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Failed Back Surgery

There can be many causes of pain after failed back surgery.

Improper preoperative patient selection before back surgery. This is the most common cause of failed back surgery syndrome. Surgeons look for an anatomic lesion in the spine that they can correlate with a patients pain pattern. Some lesions are more reliable than others. For example, degenerative disc disease is less commonly correlated with patients back pain than leg pain from a disc herniation pinching a nerve root. There are other sources of pain that can mimic back pathology such as piriformis syndrome, sacroiliac joint dysfunction and hip pathology (such as hip osteoarthritis).

Recurrent disc herniation after spine surgery. This is another common cause of recurrent pain after a discectomy/microdiscectomy spine surgery. The typical clinical picture is one where the patient initially has substantial pain relief, followed by a sudden recurrence of leg pain. In contrast to symptomatic pain caused by scar tissue (epidural fibrosis), in which symptoms tend to appear gradually, the symptoms of recurrent disc herniation tend to occur acutely. In addition to clinical history and presentation, an MRI scan is also useful in distinguishing the two pathologies

Technical error during spine surgery. The spine surgeon must also consider technical error if there is continued pain after a discectomy or microdiscectomy or a laminectomy. For example, was a fragment of herniated disc material missed, or a piece of bone left adjacent to the nerve? In either case, the resulting compression of the nerve root could cause pain. Were the correct operative levels chosen during surgical planning? If not, an adjacent disc may be the true source of the pain. Again, postoperative imaging and clinical presentation will help answer these questions.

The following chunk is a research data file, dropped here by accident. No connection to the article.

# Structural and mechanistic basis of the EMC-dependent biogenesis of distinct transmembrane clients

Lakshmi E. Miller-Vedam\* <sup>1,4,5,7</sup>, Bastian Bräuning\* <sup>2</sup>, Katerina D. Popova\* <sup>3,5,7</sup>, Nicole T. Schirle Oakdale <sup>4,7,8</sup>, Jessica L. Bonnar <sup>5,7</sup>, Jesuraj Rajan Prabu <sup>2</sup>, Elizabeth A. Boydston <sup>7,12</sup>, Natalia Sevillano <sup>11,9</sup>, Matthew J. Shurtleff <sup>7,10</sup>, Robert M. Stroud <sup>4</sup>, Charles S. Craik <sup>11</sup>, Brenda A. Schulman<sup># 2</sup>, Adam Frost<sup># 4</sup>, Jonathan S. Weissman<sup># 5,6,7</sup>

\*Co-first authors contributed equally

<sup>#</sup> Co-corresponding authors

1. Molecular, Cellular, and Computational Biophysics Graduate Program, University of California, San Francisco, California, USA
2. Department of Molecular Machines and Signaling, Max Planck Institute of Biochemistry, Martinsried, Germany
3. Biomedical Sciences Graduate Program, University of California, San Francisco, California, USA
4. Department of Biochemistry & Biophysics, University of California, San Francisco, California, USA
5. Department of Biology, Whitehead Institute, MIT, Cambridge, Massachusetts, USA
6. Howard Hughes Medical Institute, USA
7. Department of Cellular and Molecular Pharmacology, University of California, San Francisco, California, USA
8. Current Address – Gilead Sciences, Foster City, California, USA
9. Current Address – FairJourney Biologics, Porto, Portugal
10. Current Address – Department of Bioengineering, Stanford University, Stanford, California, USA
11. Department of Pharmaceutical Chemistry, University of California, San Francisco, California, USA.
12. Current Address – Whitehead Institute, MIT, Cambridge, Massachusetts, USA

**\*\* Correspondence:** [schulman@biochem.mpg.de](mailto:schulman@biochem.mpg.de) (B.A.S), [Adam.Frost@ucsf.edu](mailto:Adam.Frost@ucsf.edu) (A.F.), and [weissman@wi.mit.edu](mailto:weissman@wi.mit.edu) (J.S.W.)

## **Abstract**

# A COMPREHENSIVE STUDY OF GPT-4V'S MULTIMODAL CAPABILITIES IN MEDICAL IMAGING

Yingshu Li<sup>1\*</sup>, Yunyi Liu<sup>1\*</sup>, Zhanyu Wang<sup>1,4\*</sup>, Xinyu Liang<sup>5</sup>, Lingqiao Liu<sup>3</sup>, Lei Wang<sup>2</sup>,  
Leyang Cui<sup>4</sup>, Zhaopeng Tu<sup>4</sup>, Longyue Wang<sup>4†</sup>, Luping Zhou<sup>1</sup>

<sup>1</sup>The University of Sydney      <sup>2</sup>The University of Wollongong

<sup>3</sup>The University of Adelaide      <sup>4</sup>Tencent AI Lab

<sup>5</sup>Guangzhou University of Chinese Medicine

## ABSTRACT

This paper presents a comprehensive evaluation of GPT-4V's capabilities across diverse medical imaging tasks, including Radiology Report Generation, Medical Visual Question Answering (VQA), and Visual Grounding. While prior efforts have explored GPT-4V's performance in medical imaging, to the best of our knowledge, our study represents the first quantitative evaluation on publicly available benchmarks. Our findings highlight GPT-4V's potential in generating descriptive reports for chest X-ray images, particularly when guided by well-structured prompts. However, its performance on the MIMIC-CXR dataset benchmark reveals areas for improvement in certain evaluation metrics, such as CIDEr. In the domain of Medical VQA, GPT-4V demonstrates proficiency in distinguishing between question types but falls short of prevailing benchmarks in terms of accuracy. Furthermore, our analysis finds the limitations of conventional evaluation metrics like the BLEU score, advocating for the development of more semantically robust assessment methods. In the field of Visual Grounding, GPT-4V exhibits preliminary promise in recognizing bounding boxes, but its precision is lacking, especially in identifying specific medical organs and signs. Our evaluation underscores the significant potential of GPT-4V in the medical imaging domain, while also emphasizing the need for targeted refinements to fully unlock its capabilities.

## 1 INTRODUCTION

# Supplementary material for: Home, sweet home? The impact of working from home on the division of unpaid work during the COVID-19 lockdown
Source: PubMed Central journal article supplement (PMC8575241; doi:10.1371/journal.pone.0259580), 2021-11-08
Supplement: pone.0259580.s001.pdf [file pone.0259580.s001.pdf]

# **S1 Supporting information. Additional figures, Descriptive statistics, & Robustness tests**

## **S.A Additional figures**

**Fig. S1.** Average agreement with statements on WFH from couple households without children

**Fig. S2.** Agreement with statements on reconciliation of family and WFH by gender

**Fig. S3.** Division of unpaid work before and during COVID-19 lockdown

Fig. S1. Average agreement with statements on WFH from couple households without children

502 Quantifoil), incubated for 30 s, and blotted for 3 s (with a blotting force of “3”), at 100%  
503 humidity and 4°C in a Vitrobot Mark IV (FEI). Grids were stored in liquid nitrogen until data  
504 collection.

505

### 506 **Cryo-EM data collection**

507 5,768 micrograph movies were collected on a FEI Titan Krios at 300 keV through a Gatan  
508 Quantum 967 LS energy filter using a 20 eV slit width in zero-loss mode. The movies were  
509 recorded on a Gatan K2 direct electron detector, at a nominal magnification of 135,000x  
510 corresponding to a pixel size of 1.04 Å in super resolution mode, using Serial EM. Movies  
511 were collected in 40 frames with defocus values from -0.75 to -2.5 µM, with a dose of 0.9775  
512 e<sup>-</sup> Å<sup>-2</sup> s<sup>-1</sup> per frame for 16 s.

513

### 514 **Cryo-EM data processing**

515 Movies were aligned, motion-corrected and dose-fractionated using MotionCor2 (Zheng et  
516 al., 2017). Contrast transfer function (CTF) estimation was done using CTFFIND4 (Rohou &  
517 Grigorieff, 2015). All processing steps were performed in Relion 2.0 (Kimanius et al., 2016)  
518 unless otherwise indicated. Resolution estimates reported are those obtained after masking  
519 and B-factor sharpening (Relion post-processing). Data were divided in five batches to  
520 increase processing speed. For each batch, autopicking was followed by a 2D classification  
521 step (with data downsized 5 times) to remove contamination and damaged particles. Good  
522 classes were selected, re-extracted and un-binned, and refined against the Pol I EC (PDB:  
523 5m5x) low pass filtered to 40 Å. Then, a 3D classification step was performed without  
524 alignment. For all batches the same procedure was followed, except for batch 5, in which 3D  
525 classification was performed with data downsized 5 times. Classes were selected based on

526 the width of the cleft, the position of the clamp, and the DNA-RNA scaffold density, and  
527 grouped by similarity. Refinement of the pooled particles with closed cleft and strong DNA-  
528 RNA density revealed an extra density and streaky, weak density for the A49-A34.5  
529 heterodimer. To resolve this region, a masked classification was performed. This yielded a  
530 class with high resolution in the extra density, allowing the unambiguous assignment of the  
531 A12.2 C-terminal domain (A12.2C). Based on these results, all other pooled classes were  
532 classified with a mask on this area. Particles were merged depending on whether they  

Treatment of pain persisting after surgery should be approached in a systematic way.

Diagnosing each pain generator and eliminating the pain generators can serve to restore function and eliminate pain and in order to do that, we can employ a number of different tools that are available to us. And those include a wide array of the tools. Now it can be manipulations, it could be physical therapy, at times injections, or at times if we need to things like spinal cord stimulation or implantable pumps that can supply a steady state of medication can be used to control the pain. By using all the tools that are available to us, we can really improve the patient's quality of life by doing two very important things: decreasing the pain and restoring function. That way, they can reintegrate back into life and not be limited by pain or by mobility.


References:
www.spine-health.com     www.arthritishealth.com     www.mayoclinic.org